Don't believe us? Fine. Here's what the Environmental Protection Agency has to say: "Unless your car needs high-octane gasoline, use of 'premium' gas will not improve performance or emissions--it will just cost you more."
There you go. For more information, you can check out the government's Fuel Economy Web site.
Your car is a veritable supermarket of toxic fluids, including brake fluid, motor oil, transmission fluid, antifreeze, and battery acid, each of which can become a toxic pollutant if not disposed of properly.
Spent fluids should be taken to an authorized drop-off location. How do you find such a place? Call your local recycling district office.
What happens to the waste fluid once it's out of your hands? Some of it is sent to a recovery center, where it will be recycled. In most cases, such as with batteries, antifreeze, and oil, it will be processed and reused. Of course, in some cases recently paroled waste-disposal subcontractors will simply empty it into the drinking-water reservoir for New Jersey.
If you're changing your own oil and you purchased motor oil at a store, that business is legally obligated to accept your used motor oil. (But only up to the amount you purchased.)
As for other used fluids, check with your local mechanic. If you're on good terms with him, he might take it for you, for a small fee, since he's got a contract to have the stuff hauled away.
For more information check out Earth's 911 Web site for the disposal location near you.
Tear up the pavement and pretend you're Evel Knievel if you want--just realize that it's going to cost both you and the environment. Sudden braking and jack-rabbit starts are notoriously inefficient ways to drive.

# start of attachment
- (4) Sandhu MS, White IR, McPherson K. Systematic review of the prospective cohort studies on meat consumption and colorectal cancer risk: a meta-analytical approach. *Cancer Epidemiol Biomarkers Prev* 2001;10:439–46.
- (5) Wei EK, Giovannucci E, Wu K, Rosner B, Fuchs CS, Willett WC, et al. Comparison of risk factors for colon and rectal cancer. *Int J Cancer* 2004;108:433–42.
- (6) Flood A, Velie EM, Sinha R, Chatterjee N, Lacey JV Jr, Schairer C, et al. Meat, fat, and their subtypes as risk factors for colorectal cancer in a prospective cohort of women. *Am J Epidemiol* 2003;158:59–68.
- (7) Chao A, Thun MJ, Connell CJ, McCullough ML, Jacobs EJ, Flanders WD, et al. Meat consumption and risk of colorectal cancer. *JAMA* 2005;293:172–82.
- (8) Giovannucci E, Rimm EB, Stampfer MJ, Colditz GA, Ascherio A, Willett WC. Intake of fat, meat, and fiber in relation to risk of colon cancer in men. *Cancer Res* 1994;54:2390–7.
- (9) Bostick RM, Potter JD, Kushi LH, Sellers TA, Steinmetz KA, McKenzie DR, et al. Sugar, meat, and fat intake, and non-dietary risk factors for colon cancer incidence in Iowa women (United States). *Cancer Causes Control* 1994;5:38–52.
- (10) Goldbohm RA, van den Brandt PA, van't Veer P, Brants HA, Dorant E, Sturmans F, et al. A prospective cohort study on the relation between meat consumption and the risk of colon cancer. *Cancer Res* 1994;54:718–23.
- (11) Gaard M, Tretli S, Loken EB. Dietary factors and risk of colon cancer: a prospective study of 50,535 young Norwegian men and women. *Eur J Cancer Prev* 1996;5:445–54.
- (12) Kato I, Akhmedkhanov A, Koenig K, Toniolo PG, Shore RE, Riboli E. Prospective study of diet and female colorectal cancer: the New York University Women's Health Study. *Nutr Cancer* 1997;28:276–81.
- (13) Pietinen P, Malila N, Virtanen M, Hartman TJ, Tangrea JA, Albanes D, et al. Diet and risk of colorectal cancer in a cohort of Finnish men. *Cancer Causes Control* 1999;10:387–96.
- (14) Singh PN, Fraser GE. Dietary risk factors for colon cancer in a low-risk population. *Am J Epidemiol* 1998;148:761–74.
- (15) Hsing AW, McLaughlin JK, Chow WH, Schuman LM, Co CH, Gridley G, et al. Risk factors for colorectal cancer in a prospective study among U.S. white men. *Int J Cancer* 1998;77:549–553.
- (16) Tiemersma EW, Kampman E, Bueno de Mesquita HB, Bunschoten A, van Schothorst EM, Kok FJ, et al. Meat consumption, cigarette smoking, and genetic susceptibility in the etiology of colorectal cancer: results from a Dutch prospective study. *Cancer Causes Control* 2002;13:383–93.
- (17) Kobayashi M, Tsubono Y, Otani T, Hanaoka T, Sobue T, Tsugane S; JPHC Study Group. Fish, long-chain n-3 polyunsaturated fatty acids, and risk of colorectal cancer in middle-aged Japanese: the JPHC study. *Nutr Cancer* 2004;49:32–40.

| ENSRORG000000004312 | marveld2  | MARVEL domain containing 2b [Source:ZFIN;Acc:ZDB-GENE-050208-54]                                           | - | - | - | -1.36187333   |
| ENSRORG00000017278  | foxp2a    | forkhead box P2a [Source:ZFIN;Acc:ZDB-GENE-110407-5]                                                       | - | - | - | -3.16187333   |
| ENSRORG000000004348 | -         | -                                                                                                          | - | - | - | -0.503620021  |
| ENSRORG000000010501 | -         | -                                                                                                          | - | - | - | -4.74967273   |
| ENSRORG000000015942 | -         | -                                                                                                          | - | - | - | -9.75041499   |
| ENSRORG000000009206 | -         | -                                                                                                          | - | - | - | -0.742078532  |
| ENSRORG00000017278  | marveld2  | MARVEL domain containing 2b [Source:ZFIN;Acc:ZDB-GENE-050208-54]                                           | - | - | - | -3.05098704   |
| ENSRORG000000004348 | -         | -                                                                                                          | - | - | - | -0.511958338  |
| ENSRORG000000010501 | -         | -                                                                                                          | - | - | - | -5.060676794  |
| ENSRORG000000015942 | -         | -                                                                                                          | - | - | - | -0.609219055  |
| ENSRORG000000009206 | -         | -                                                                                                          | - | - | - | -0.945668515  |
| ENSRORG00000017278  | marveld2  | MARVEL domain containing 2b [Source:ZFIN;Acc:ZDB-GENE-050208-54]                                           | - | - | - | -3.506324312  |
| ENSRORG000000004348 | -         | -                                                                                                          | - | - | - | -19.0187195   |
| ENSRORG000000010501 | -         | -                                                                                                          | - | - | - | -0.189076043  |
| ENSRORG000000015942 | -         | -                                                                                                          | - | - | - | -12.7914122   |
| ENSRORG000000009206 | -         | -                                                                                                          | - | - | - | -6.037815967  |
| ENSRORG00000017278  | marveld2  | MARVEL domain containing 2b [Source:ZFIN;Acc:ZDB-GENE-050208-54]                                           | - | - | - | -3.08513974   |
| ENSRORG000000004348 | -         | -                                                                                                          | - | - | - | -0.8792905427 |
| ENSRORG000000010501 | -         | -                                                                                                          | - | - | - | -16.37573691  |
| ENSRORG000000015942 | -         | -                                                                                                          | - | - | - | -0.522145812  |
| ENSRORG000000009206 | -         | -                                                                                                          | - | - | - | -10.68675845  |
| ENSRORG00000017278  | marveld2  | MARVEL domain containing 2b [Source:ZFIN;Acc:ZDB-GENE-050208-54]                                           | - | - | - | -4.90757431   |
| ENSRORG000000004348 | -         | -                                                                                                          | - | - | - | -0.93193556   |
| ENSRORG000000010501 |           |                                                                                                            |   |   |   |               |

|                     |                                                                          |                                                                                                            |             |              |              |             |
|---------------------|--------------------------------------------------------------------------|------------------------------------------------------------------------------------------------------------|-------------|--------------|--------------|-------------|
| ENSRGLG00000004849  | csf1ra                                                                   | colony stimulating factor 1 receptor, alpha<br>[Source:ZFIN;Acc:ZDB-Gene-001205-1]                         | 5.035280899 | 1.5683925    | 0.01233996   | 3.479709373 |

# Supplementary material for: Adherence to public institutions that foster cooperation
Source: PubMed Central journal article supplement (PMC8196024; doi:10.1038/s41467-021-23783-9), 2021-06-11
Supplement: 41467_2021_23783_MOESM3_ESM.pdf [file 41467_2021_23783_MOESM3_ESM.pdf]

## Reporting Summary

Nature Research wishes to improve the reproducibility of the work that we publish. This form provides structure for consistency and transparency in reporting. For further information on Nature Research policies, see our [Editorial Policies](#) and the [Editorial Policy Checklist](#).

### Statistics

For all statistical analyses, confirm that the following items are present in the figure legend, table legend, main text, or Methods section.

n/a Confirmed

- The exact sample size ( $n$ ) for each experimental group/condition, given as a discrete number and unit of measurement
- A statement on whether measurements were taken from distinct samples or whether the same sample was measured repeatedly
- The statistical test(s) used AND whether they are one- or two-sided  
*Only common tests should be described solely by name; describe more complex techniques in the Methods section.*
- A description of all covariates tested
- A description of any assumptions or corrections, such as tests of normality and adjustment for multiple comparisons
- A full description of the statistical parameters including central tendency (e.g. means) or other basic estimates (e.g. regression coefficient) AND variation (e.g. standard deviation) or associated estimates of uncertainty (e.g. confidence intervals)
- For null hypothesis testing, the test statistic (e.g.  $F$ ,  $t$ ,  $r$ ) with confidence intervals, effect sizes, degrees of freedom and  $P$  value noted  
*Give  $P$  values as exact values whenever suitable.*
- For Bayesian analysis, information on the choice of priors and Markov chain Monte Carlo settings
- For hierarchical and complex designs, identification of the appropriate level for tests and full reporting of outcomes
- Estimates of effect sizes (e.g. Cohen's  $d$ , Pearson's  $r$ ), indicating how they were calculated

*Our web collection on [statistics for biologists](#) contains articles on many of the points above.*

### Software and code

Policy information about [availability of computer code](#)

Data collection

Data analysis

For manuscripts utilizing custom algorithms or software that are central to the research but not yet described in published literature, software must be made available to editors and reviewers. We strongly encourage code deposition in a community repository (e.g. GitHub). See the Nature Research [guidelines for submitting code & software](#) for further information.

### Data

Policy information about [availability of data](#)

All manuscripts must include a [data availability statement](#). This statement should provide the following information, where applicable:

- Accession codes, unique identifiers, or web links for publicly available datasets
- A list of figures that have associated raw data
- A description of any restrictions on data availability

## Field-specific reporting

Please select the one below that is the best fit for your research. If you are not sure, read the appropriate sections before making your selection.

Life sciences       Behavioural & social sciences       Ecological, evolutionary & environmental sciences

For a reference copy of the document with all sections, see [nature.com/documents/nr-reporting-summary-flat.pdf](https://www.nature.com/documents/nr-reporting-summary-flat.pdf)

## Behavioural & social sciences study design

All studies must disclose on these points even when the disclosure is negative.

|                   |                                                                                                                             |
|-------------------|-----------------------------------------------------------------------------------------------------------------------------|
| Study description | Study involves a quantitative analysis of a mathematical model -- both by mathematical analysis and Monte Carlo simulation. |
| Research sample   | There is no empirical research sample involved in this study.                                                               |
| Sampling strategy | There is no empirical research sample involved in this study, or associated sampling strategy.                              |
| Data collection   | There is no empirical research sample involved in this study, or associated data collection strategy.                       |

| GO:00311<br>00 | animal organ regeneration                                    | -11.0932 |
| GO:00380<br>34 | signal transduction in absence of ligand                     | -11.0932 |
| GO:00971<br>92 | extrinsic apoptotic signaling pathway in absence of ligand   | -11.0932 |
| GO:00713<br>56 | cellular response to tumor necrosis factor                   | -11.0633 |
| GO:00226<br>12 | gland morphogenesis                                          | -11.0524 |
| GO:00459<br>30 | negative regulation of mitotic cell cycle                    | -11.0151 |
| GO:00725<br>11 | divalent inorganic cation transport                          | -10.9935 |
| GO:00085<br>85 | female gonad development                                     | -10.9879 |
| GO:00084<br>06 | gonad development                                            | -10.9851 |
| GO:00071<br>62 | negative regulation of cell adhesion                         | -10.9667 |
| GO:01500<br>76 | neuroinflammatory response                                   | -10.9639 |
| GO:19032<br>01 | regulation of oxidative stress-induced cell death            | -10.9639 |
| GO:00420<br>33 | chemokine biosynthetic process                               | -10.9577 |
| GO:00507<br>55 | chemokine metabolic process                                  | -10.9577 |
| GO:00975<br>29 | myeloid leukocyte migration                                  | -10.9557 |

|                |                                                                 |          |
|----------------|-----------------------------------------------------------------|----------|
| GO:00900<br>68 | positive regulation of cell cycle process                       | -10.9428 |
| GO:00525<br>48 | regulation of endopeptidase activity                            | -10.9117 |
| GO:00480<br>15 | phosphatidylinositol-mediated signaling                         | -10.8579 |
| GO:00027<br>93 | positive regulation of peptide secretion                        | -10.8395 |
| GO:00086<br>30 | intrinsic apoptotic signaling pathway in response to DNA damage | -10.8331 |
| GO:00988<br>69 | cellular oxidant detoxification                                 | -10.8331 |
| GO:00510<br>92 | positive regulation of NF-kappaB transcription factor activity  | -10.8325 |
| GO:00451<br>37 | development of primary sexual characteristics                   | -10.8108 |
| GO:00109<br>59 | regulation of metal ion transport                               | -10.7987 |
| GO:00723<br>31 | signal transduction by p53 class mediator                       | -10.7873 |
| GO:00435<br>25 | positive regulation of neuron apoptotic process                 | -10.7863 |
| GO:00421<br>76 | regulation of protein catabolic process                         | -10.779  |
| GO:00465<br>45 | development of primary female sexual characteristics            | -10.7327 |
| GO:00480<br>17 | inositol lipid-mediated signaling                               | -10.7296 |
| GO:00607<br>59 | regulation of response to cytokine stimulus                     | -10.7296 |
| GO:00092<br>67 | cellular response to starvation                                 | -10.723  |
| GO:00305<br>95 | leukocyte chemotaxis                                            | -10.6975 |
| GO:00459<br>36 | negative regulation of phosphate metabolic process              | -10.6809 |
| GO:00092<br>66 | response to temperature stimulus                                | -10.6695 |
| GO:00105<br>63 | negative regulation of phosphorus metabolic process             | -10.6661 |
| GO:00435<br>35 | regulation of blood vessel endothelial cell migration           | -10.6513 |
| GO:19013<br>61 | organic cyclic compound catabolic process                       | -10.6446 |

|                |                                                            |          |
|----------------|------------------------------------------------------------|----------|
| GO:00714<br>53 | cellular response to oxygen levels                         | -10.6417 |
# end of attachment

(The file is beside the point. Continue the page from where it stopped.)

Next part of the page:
Driving sanely will maximize your car's fuel efficiency, reduce wear and tear on dozens of parts, and make you a safer driver. The Environmental Protection Agency suggests trying to "smooth" your driving by accelerating and decelerating gradually, anticipating stops and starts. An added bonus? You'll probably get fewer dirty looks from the blue-haired ladies around you.
If your car is equipped with overdrive, use the overdrive gear as soon as your speed is high enough. If you have a manual transmission, the sooner you can shift to a higher gear without causing your engine to buck, the better the fuel economy.
Because wind resistance increases dramatically with speed, for every mile per hour over 55 that you drive, your fuel economy goes down by 2 percent. In other words, you'll get about half the mileage driving at 70 mph compared to 50 mph!
So slow down, and start and stop smoothly. You'll be a safer driver, more relaxed, and you'll increase your fuel efficiency. And, believe it or not, due to an unexplained Einsteinian time warp, you'll also get to your destination in about the same time.
Granted, not idling goes against our nature, but this is one time when it makes sense. Because modern cars don't emit nearly as much noxious fumes as the cars of yesteryear, and therefore don't stink as much, it's easy to forget about the pollution you're creating.
We think that's too bad. If you're sitting outside a tattoo parlor waiting for your grandmother, and you know it's going to take her a good 15 minutes to get that new Komodo dragon tattooed on her left butt cheek, turn off your engine. If you don't, you'll just be wasting gas and polluting the environment.